Column: Five-time All-Star Mike Trout’s goal: ‘I want to be the best player there is’

Mike Trout
Angels center fielder Mike Trout rounds the bases during a recent spring training workout.
(Gary Coronado / Los Angeles Times)

The former boy wonder is now a man, 25 years old, engaged to be married, already a two-time American League most valuable player and five-time All-Star, and he smiled Thursday as he reflected on his transition to adulthood.

“It’s going by so quick,” Mike Trout said.

He shook his head.

“It seems like yesterday I was drafted.”


And if the next 10 or 15 years are anything like the last five, this will too soon be over.

It’s a scary thought, that all of this will be a memory at some point. However, the recognition and acceptance of this inevitability are what allow to Trout to strike a refreshingly balanced approach to his profession.

Trout, who is entering the third season of a six-year, $144.5-million contract, is open about the kind of player he wants to be.

“I want to be the best player there is,” he said.


But speak to the people around him and what they will tell you isn’t about how hard he hit a particular ball or how fast he ran on a certain play. They will tell you about his smile.

“Pretty happy-go-lucky type of guy,” said infielder Danny Espinosa, whose locker is next to Trout’s.

“He plays like a kid,” third base coach Ron Roenicke said.

Roenicke was Mike Scioscia’s bench coach when Trout was a teenage prospect in the Angels’ minor league camp. On a few occasions, Trout was called over to the major league side of the complex to play in exhibition games.

Roenicke recalled how Trout was always in a good mood. How he had an abundance of energy. And how he signed autographs every day.

Roenicke went on to become the manager of the Milwaukee Brewers and, later, the third base coach of the Dodgers. Watching Trout from a distance, he wondered how the young man had changed.

Roenicke found out when he returned to the Angels last year: Trout was always in a good mood. He had an abundance of energy. He signed autographs every day.

“It still seems like he’s the same guy,” Roenicke said.


Roenicke cracked a smile of his own.

“I think when everybody thinks about playing in the big leagues when they’re kids, that’s what you envision,” Roenicke said. “You don’t envision this grind to have to get through it. You envision being there, having fun.”

But Trout acknowledged losing has weighed on him.

The Angels have reached the postseason only once in his five full seasons, in 2014, when they were swept in the opening round by the Kansas City Royals.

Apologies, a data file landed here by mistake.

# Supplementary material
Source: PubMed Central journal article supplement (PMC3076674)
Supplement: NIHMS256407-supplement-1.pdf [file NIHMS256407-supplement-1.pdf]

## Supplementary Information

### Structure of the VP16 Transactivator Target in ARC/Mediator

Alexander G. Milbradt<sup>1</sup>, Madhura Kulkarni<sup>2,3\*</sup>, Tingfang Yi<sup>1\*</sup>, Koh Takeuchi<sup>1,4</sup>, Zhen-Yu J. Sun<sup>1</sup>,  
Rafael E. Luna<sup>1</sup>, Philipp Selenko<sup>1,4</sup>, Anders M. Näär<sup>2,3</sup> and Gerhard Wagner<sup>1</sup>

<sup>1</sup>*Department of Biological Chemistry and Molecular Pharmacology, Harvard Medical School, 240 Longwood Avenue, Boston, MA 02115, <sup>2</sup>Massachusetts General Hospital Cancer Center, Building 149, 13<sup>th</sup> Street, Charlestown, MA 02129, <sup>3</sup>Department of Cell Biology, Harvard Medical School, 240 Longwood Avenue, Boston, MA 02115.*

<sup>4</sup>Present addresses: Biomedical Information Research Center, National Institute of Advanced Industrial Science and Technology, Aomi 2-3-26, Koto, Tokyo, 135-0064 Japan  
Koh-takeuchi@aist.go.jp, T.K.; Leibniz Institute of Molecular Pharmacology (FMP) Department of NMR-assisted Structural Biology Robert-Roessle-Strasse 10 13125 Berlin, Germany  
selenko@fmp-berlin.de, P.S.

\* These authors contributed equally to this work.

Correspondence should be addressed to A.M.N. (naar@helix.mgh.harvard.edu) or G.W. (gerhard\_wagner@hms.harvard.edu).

Last season, they finished fourth in the American League West with a 74-88 record.

“Obviously, losing sucks,” Trout said. “It’s frustrating. But it’s not like we’re trying to lose. We want to win. We’ve been banged up the last few years.”

If he was frustrated, he didn’t show it. As the losses mounted, he continued smiling. He continued sharing laughs with teammates.

“It’s still playing a game,” Trout said. “I’m still having fun. It’s never changed. I’ve always told myself that if I’m not having fun out there, I don’t want to play.”


He said he is determined to do his part to change the Angels’ fortunes, which he thinks he can do by stealing a few more bases than the 30 he stole last year on his way to claiming his second MVP award.

“I want to be the best player on the field at all times,” Trout said. “That’s my mentality. People can think differently, but I try to prove people wrong.”

Roenicke compared Trout’s drive to Albert Pujols’. As a player, Roenicke was a teammate of Mike Schmidt on the Philadelphia Phillies and Tony Gwynn on the San Diego Padres. They were like that too.

Roenicke remarked about Trout’s enlisting the help of Kole Calhoun to improve his throwing arm.

“He didn’t like the way he threw the ball in the outfield his first few years, so he and Kole made a big effort last year to make sure they were playing long toss every day,” Roenicke said. “I saw a huge improvement in his throwing. All of a sudden, he becomes this really good thrower last year.”

Watching Trout work reminded Espinosa of his former teammate on the Washington Nationals, Bryce Harper.

Trout has often drawn comparisons to Derek Jeter for his ability to avoid controversy, but that isn’t the only part of his childhood hero he has emulated. Don Mattingly has called Jeter the toughest player he has ever been around, saying Jeter often played through bumps and bruises that weren’t made public. Trout, who has averaged 158 games for the last four seasons, would like to develop a similar reputation.

His time here is limited, after all. He doesn’t want to spend it on a bench.

Follow Dylan Hernandez on Twitter @dylanohernandez